Saturday, January 16, 2016


John M. Daniel’s Blog
January 16, 2016

Greetings! This week, beginning on the third Saturday of the month of January, I’m pleased to present guest author Cora J. Ramos. I’m proud to say that thirteen years ago, I published Valley Fever, a short story collection featuring stories by Cora Ramos, along with stories by Sunny Frazier and JoAnne Lucas. I’m glad to say Cora is still writing, now concentrating on novels of romance and suspense, combined with a paranormal element.

Cora’s essay, as you’ll see, encourages writers to take chances. It acknowledges the appeal of outlining your plots in advance, but she shows what can happen when you abandon your outline and follow the thread where it takes you.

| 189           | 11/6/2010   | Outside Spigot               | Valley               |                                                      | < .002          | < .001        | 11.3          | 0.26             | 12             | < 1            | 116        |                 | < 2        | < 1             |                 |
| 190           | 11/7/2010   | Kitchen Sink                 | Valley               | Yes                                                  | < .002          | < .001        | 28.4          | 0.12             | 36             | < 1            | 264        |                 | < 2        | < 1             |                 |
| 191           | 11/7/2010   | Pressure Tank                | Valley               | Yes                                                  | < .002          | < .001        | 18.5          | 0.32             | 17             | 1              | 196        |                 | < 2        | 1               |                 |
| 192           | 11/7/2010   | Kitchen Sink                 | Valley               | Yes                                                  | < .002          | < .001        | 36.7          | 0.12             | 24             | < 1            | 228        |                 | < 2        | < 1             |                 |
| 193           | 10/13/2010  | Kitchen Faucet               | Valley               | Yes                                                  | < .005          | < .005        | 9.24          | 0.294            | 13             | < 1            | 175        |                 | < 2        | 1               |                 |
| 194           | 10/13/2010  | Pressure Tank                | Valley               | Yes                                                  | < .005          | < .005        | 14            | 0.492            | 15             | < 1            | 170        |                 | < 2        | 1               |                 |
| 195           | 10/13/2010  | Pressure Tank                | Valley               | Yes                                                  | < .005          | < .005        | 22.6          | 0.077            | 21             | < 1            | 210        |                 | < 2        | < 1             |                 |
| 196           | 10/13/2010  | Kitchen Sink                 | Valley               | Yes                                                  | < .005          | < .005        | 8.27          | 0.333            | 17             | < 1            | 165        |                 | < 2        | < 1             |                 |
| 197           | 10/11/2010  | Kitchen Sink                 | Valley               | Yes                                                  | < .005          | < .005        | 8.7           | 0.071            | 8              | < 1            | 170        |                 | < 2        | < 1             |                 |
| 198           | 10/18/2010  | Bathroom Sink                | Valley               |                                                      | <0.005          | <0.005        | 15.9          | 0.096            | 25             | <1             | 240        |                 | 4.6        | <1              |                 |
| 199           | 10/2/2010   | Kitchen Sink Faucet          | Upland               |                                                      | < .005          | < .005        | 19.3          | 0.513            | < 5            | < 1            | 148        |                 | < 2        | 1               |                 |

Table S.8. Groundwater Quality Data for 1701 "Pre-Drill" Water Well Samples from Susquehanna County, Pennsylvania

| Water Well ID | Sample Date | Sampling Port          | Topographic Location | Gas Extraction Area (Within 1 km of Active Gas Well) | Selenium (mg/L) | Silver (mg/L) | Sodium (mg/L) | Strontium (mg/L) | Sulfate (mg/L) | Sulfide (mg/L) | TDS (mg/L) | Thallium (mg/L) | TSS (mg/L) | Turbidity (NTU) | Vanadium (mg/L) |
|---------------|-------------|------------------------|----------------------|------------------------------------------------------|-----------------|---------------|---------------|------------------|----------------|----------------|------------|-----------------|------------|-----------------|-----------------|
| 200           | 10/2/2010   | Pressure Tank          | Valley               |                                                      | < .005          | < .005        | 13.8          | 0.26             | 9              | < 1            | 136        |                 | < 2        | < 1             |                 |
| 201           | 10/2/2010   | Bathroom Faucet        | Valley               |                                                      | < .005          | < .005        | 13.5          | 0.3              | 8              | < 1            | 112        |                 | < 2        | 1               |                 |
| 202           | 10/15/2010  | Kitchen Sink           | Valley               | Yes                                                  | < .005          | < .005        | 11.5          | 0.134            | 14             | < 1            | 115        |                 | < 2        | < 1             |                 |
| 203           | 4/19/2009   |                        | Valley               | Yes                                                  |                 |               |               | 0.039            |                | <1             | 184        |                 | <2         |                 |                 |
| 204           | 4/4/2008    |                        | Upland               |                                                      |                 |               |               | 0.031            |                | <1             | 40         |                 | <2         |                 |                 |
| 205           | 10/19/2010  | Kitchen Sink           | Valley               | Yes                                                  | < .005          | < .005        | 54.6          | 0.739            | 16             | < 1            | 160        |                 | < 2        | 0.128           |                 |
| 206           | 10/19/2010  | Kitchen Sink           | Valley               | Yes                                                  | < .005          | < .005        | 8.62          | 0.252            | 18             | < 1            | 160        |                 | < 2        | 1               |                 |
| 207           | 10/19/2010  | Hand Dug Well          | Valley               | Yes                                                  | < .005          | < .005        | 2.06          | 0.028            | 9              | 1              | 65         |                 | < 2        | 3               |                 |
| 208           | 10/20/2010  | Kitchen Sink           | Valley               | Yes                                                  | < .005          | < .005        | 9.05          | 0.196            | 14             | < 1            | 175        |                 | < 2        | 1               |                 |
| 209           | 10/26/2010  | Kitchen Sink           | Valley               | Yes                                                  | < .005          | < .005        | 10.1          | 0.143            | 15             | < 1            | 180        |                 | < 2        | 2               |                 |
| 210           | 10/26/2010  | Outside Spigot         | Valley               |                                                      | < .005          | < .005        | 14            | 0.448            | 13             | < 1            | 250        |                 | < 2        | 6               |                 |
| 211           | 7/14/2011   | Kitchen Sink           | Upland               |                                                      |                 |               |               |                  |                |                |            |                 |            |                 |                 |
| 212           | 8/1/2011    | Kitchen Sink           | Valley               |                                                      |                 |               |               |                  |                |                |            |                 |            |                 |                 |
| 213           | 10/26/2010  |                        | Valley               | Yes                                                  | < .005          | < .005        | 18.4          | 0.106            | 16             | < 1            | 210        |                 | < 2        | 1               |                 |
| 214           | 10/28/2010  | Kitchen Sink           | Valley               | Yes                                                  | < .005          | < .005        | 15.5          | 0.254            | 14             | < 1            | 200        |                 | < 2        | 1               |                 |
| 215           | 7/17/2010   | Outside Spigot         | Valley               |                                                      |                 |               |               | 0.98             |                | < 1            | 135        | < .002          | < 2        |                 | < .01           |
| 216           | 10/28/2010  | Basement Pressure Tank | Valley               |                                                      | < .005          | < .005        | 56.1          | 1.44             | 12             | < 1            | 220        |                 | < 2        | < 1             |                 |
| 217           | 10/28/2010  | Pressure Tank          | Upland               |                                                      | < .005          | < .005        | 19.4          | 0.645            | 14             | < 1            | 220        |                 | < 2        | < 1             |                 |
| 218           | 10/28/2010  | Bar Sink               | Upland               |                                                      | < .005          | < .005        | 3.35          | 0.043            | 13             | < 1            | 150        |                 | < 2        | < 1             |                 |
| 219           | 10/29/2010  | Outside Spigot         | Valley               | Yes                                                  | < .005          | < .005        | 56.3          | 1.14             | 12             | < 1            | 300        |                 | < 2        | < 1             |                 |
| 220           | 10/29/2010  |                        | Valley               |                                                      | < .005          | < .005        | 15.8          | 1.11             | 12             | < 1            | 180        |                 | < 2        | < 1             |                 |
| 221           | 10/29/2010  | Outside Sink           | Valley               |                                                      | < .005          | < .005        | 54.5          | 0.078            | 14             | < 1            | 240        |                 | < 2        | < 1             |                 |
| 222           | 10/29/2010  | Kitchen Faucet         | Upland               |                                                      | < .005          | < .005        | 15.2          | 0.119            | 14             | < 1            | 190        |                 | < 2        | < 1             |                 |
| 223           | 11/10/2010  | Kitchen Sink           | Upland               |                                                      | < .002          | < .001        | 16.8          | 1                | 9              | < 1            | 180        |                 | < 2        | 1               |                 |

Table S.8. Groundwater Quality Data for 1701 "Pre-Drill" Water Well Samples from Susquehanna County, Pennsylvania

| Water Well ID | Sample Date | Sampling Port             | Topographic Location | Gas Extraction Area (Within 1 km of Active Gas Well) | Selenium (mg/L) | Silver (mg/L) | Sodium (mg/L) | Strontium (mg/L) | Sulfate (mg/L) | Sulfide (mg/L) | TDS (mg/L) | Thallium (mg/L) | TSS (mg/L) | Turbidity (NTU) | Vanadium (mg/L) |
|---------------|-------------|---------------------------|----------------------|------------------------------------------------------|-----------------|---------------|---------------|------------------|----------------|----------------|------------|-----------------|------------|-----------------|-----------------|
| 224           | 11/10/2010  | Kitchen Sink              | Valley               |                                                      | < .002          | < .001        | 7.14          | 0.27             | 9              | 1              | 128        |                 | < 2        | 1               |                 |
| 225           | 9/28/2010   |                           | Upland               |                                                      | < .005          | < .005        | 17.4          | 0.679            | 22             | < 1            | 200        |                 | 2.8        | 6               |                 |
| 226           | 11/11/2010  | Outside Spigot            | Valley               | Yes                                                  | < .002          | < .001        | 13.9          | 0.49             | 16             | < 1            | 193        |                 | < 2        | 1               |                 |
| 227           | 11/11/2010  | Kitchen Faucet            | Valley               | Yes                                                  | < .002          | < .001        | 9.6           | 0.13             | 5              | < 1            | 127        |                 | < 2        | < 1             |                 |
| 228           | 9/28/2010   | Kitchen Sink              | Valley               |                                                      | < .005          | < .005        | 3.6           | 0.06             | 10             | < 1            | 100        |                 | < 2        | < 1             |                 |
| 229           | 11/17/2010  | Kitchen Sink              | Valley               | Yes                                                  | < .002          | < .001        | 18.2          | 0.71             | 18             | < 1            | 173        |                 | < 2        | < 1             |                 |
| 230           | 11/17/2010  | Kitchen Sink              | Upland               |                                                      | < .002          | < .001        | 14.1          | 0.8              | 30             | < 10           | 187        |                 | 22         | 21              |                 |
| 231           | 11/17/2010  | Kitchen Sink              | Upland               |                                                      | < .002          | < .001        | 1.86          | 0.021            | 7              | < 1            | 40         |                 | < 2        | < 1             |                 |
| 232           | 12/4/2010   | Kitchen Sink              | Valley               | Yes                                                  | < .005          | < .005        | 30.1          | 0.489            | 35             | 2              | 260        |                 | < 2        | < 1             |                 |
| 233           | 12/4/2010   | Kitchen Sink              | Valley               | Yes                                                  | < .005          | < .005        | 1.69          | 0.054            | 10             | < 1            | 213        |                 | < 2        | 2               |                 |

Makes sense. How can it hurt you? If you like where it leads you, you win. If you don’t think it’s working, you can repair it or toss it and start over. Revision is a wonderful gift. It improves your writing, and it forgives your mistakes. Remember: Nobody ever wrote a perfect first draft. So take chances. Now I’ll stop talking and let Cora J. Ramos take over.


Pull That Thread
by Cora J. Ramos

Remember the first time you found a loose thread on your sweater and wanted to pull it to see what would happen? Did you follow that impulse and unravel the sweater?

I’m not going to talk about the dangers of loose threads in your story. I’m the rebel who is going to encourage you to pull that thread.